Woolly Aphids

Eriosoma lanigerum

Last updated: September 30, 2022
Verified by: AZ Animals Staff
© Alex Urs/Shutterstock.com

Another name for these fuzzy insects is "boogie-woogie aphids" because of their habit of lifting their posteriors and pulsing them in synchronized motions when threatened.

Woolly Aphids Scientific Classification

Kingdom
Animalia
Phylum
Arthropoda
Class
Insecta
Order
Hemiptera
Family
Aphididae
Genus
Eriosoma
Scientific Name
Eriosoma lanigerum

Read our Complete Guide to Classification of Animals.

Woolly Aphids Conservation Status


Woolly Aphids Facts

Name Of Young
Larvae
Group Behavior
  • Infestation
Fun Fact
Another name for these fuzzy insects is "boogie-woogie aphids" because of their habit of lifting their posteriors and pulsing them in synchronized motions when threatened.
Most Distinctive Feature
White and fuzzy waxy material covering their bodies.
Other Name(s)
Boogie-woogie aphids
Habitat
Vegetable gardens, orchards, and ornamental flower gardens
Predators
Ladybugs, Hoverfly larvae, Lacewing larvae
Diet
Omnivore
Lifestyle
  • Diurnal
Favorite Food
Sap
Common Name
Woolly aphid
Location
Every continent except Antarctica

Woolly Aphids Physical Characteristics

Color
  • Blue
  • White
  • Green
Lifespan
1 month
Length
0.12 inches

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Aphids are sap-sucking pests that barely measure over a quarter of an inch long. However, the woolly aphids are unique because they are green or blue, but they appear white and fuzzy because of the waxy material covering their bodies.

These insects use two hosts: the first for overwintering and laying their eggs in the spring and the second for feeding in the summer. Woolly aphids feed in large groups, generally on foliage, twigs, buds, bark, branches, and roots.

The damage they cause is easily recognized, but the twisted and curled leaves, slow plant growth, yellow foliage, the growth of galls or cankers on the limbs or roots of trees.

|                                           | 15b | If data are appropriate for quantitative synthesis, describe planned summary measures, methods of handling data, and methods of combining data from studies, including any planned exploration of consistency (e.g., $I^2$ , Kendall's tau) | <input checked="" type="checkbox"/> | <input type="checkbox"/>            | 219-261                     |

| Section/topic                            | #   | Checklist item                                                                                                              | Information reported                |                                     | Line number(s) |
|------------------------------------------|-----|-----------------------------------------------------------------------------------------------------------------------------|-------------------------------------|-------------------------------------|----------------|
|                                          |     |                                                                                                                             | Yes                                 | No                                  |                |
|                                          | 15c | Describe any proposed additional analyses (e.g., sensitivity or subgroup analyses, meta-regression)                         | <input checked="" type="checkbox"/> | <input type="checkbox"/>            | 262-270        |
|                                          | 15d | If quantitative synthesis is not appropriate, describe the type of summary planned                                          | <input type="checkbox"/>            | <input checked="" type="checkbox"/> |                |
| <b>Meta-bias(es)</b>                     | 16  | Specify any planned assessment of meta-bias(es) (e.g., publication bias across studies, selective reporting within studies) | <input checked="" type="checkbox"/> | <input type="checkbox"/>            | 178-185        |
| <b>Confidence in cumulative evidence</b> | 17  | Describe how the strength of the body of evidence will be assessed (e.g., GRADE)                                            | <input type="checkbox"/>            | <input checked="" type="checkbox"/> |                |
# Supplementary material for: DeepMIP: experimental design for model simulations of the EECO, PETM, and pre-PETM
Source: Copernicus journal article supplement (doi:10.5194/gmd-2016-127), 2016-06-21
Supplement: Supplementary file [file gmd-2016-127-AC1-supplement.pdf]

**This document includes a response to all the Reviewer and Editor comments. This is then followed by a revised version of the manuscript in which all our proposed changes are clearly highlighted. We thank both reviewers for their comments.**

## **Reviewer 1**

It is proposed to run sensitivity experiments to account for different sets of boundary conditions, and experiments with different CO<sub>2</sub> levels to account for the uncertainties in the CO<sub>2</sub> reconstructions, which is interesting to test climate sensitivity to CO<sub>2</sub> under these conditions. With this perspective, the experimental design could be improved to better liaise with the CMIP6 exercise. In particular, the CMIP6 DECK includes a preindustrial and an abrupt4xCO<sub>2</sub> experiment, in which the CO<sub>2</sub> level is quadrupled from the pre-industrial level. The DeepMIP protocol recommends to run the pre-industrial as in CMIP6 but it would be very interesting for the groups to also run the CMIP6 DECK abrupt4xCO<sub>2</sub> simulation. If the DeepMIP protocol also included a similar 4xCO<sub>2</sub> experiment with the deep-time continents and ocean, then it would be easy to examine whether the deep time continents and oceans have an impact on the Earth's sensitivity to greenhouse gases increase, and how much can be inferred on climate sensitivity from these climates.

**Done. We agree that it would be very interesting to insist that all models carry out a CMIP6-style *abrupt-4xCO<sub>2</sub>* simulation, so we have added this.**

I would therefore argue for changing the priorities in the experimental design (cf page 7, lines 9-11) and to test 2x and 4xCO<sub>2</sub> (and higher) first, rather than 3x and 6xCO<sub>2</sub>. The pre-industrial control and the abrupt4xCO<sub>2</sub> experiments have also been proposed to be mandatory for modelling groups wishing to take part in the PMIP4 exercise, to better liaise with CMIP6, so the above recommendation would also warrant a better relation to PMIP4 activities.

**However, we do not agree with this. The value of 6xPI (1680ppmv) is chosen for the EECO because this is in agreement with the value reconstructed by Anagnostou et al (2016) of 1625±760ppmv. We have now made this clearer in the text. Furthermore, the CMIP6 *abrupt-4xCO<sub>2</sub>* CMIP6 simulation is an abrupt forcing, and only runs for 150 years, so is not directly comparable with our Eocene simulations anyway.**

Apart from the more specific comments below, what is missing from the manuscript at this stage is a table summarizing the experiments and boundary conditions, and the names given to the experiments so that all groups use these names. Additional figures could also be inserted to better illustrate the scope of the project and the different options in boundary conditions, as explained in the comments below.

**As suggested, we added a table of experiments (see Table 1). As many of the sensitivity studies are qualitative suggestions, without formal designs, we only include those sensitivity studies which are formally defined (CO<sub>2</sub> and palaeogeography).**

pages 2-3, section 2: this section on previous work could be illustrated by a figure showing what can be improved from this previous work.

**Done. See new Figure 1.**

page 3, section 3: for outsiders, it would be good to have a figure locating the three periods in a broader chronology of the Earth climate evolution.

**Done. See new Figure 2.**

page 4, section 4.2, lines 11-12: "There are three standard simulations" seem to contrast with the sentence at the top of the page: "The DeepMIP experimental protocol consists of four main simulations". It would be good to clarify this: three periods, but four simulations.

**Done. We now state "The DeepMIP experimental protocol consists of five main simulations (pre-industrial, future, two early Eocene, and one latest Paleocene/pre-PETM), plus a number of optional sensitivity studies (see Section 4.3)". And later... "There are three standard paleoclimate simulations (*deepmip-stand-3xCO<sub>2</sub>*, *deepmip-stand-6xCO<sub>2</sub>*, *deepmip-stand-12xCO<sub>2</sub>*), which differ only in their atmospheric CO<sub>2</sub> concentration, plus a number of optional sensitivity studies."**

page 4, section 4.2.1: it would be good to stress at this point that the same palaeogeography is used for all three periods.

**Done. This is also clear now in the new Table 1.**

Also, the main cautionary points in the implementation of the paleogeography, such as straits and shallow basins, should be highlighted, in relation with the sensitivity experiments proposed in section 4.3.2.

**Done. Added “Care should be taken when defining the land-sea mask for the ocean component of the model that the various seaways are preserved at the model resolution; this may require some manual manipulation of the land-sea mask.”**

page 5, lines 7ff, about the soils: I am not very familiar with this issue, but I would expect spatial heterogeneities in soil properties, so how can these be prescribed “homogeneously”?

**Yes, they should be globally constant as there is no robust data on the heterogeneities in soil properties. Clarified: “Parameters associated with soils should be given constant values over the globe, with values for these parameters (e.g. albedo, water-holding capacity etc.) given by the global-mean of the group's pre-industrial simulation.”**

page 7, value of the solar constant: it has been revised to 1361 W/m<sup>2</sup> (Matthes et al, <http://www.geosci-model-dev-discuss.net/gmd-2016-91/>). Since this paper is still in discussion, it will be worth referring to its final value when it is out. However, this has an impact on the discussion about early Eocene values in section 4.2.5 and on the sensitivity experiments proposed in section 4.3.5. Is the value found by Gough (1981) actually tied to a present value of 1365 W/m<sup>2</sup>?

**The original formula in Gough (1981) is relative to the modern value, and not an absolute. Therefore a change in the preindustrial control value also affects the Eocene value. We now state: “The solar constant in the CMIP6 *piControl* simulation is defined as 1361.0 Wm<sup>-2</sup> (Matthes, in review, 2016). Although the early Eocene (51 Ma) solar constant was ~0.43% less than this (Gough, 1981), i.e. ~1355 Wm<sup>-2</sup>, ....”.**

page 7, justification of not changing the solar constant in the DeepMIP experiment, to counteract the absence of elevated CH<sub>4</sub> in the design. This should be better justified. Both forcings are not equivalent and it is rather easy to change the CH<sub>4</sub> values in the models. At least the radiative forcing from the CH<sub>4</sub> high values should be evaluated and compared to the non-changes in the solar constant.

Woolly Aphid Scientific Name

The woolly aphid’s scientific name is Eriosoma lanigerum, and they belong to the order Hemiptera. This order includes:

Members of Hemiptera are referred to as true bugs and consist of a diverse group of insects with about 75,000 species worldwide.

There are 1,700 species in the British Isles alone! While these species differ significantly in size and appearance, they have a few common traits, like penetrating mouthparts used to suck the juice from plants and animals.

In addition, their mouth parts are protected by a beak (rostrum) which is stored beneath the body when they aren’t using it.

Woolly aphids are members of the family Aphididae. This family consists of 4000 species, and while these species are sap-sucking pests in low to moderate numbers, they are not very harmful to garden plants.

Aphids cause leaves to lose their green coloring because they feed on the cell contents, decreasing the green leaf area essential for photosynthesis. They typically feed in clusters on new plant growth.

However, they generally go unnoticed unless there is a substantial infestation that will cause a reduction in the plant’s vigor. Other symptoms include abnormal growth and the yellowing of leaves.

Woolly Aphid Appearance

Woolly aphid in the forest
Covered in a white, fluffy, wax coating, woolly aphids are generally 0.12 inches in length.

©Tomas Vacek/Shutterstock.com

Woolly aphids are generally 0.12 inches in length, with pear-shaped bodies covered in a white, fluffy, waxy coating. They are serious apple pests but also target elm, mountain ash, hawthorn, alder, pyracantha, and serviceberry trees.

Their bodies are blueish-green in color, and their waxy coating looks like white fluff. They are generally found feeding on the base of new shoots, roots, trunk wounds, and branches.

Unfortunately, their feeding causes galls to form, which leads to cracked and swollen areas on the tree. These cracks are perfect for rot and canker to enter the branches. This is why an aphid infestation is so serious and why they are also referred to as American blight aphids.

Woolly Aphid Behavior

Woolly aphids are primarily active during the day, making them diurnal insects. Another name for these fuzzy insects is “boogie-woogie aphids” because of their habit of lifting their posteriors and pulsing them in synchronized motions when threatened.

Woolly Aphid Habitat

Woolly aphids are very adaptable and can be found on various plants and trees. However, they are primarily drawn to vegetable gardens, orchards, and ornamental flower gardens. They usually hide beneath tree bark during winter but will emerge once the temperature heats up during spring.

Woolly Aphid Diet

Woolly aphids feed on sap by inserting their needle-like mouth parts into the plant tissue. They will feed on a tree’s roots, leaves, bark, and buds. The sap they ingest produces a sticky substance, referred to as honeydew, resulting in sooty mold on the plant.

Woolly Aphid Predators and Threats

Woolly aphids are preyed upon by various creatures like:

The only threat to aphids is humans, who kill them because they are pests.

Woolly Aphid Life Cycle